"After four days she was fine, but the swabs are still positive," infectious disease specialist Luciano Attard told local media. "As far as we know, no one else in Italy has remained positive for so long. Usually, positivity results do not last for more than four weeks." Dobroiu "had not been subjected to any therapy," Attard said.

Dobroiu was discharged from the hospital on March 6 and returned home where she remained in quarantine under the country's nationwide lockdown.

"After 57 days, here is the new result," Dobroiu, who lives, works, and studies in Bologna, wrote on Facebook. "Well, it's not new because it has never changed. ... Nothing is changing at all and it scares me a little today."

Being asymptomatic, she still tests positive and told local media she was thankful the disease has not progressed. "But doctors have told me that I am still a carrier of the virus and contagious," she said.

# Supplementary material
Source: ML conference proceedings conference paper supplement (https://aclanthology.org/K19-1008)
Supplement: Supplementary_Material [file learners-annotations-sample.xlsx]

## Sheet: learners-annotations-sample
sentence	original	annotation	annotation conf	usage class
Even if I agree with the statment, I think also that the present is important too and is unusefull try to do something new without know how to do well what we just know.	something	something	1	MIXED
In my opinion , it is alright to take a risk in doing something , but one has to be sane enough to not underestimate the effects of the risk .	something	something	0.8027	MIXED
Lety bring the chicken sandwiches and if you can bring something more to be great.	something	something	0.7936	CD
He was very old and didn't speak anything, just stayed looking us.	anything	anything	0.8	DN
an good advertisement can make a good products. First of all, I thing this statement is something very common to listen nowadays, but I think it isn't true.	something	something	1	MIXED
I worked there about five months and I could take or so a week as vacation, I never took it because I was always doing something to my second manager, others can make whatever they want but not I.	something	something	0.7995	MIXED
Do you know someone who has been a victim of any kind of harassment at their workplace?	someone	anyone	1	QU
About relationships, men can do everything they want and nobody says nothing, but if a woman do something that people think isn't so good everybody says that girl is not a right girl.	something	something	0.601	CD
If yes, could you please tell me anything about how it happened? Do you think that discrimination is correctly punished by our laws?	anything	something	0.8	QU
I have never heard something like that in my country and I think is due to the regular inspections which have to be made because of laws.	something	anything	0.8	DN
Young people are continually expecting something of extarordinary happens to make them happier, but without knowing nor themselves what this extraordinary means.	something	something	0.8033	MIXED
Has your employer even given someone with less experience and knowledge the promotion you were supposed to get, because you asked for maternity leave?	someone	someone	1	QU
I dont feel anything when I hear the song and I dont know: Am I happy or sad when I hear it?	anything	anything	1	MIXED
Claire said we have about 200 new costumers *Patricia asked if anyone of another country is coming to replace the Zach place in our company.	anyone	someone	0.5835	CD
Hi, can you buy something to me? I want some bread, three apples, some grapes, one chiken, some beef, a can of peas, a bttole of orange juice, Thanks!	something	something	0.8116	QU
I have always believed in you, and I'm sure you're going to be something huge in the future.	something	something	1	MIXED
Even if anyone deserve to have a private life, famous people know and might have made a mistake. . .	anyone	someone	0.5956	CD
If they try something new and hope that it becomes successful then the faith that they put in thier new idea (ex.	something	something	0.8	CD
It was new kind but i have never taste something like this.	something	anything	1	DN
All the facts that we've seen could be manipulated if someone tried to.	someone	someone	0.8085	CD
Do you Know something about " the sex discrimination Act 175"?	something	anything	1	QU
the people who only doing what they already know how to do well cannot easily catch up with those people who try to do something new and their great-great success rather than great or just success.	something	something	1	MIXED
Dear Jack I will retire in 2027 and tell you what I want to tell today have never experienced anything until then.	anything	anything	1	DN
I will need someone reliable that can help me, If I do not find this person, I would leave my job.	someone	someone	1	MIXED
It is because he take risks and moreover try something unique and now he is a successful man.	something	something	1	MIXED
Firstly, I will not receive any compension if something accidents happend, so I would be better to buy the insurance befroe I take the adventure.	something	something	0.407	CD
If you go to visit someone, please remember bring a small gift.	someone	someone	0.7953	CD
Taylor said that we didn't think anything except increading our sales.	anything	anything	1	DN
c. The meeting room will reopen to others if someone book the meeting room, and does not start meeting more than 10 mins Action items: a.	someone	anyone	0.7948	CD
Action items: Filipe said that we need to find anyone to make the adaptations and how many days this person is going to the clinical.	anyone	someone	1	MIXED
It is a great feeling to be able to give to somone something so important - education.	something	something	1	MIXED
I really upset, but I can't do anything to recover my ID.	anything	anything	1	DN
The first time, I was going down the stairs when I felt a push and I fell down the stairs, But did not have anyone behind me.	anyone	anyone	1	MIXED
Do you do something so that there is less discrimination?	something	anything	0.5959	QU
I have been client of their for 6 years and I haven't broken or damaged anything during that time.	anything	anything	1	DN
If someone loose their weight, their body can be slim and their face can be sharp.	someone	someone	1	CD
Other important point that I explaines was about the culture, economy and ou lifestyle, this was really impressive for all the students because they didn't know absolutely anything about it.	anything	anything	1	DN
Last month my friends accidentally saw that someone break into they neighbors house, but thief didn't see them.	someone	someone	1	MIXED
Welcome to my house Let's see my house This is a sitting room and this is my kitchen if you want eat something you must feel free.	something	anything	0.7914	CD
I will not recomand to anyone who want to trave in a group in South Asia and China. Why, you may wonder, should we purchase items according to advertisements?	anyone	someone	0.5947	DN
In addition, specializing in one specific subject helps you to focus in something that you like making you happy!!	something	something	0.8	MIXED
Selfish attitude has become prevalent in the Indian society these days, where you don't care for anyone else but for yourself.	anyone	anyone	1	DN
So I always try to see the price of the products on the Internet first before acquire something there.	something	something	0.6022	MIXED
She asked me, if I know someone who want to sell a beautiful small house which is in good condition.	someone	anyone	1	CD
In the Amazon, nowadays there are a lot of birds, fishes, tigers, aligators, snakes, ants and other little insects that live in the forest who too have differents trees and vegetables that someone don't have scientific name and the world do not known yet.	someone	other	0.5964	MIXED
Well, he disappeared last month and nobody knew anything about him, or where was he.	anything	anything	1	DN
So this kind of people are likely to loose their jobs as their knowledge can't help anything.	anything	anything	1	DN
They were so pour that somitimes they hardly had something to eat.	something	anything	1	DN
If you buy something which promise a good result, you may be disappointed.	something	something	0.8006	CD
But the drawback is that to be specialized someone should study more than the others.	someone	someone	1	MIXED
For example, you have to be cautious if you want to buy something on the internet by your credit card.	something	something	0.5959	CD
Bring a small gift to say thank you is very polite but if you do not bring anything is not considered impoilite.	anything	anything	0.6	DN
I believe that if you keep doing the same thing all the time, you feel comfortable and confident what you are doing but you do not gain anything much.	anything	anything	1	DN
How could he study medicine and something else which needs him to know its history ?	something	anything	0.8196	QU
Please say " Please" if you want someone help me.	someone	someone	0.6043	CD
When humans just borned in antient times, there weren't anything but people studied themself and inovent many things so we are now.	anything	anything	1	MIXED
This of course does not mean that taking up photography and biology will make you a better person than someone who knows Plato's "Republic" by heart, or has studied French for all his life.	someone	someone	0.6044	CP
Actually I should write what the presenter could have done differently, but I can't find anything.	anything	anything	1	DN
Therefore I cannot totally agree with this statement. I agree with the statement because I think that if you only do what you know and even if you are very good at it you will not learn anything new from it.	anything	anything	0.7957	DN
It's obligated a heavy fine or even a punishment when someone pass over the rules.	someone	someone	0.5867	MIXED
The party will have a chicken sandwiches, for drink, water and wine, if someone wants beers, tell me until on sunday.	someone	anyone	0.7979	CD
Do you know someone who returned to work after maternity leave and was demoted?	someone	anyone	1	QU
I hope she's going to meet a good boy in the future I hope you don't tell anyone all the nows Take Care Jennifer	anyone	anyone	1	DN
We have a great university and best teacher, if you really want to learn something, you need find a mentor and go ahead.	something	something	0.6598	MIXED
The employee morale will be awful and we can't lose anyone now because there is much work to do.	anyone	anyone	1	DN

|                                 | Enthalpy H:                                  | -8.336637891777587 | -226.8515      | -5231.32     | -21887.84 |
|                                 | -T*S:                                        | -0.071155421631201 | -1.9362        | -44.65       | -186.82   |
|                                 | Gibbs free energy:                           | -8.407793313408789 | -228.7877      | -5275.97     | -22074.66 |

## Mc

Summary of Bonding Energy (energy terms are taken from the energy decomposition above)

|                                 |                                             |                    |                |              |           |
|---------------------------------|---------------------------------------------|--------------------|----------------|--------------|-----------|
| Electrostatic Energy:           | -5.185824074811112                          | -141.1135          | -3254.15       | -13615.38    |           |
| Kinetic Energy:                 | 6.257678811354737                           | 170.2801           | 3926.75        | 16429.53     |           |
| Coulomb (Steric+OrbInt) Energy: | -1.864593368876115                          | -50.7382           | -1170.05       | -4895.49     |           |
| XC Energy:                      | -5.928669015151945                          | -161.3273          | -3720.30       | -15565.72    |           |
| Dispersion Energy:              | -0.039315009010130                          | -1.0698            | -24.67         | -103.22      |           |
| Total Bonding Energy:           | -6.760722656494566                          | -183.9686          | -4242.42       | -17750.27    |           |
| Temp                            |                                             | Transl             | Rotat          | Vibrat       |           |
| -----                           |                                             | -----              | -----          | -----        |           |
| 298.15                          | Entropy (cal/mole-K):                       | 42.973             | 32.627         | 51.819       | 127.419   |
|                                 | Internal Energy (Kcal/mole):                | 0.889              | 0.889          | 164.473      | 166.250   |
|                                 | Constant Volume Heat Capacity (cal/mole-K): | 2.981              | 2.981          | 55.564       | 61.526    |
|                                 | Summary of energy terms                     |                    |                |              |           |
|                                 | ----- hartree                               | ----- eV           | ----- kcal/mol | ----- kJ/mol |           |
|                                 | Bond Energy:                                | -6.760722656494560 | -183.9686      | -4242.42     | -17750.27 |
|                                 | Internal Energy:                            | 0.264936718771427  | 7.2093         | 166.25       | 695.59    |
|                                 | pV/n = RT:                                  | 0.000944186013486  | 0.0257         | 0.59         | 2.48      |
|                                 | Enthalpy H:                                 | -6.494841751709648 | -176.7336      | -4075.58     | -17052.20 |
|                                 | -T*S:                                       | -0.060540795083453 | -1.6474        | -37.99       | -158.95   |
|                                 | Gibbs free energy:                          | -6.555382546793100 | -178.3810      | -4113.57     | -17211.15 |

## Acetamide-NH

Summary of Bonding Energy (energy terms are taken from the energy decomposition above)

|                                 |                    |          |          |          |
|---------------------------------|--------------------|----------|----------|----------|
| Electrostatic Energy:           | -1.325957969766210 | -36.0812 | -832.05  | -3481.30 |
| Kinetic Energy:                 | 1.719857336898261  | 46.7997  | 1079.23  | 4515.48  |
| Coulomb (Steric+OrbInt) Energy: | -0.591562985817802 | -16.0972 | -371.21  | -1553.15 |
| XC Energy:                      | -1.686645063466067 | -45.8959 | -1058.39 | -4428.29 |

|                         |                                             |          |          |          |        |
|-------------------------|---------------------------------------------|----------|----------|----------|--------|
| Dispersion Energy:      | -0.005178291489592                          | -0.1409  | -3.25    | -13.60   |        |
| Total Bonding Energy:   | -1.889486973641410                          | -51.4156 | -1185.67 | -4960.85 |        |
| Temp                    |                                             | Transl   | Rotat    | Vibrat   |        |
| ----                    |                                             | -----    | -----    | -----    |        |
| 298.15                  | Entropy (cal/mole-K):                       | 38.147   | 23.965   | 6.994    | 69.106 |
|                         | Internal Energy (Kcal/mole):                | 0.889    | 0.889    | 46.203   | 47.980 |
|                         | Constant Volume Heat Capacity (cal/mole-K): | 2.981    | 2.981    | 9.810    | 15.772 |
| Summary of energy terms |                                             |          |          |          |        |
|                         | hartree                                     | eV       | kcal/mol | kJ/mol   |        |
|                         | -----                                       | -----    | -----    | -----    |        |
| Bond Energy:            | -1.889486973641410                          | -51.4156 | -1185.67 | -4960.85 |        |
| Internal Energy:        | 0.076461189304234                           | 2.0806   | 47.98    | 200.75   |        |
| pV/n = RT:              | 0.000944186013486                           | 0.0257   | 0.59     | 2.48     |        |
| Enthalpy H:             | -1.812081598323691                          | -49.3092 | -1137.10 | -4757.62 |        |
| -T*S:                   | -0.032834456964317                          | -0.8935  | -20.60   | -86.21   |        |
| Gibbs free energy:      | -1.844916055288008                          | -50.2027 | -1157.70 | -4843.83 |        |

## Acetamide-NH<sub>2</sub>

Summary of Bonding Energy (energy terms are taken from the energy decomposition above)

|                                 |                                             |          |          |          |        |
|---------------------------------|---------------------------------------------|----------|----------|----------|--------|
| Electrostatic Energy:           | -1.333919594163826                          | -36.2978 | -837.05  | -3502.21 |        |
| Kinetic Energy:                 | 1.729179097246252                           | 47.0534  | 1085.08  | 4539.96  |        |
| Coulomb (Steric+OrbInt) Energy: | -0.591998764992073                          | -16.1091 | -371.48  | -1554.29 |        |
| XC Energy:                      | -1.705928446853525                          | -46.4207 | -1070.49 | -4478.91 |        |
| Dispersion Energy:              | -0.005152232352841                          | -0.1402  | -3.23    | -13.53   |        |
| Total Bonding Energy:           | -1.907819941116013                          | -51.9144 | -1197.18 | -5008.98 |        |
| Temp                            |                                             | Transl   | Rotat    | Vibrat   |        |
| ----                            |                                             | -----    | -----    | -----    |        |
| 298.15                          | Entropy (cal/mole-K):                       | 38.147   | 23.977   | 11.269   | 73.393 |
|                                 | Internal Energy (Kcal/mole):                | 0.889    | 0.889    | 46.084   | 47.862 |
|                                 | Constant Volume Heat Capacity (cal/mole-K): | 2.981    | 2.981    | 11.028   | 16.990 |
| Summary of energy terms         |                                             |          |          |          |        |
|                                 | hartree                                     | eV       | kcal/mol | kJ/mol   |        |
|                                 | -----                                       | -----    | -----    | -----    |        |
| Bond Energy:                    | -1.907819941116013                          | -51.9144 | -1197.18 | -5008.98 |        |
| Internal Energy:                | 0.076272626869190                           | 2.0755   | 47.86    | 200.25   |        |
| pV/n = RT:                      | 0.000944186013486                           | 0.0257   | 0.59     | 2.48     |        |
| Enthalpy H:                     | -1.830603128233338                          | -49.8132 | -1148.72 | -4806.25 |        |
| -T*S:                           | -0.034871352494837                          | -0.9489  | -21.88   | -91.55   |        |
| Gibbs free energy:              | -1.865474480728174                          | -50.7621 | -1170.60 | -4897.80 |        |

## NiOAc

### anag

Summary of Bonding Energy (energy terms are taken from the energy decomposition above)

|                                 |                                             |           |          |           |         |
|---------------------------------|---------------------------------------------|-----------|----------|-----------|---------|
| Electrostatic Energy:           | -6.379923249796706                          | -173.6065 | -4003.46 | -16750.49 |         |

As the European nation, one of the block members most devastated by the coronavirus, seeks to lift its lockdown on May 4, authorities are grappling with how to safely resume daily life for the country's 60 million people.

Last week, flower shops and clothing stores for young children reopened in an attempt to slowly restart the economy as it plunges into a deep recession.


https://www.newsweek.com/italian-woman-tests-positive-covid-19-after-60-days-quarantine-swabbing-1500202

Donald Trump reportedly owes tens of millions to the Bank of China

(The Guardian) Donald Trump is reported to owe tens of millions of dollars to China, through a real estate debt which falls due in 2022, offering “astonishing leverage” to Beijing.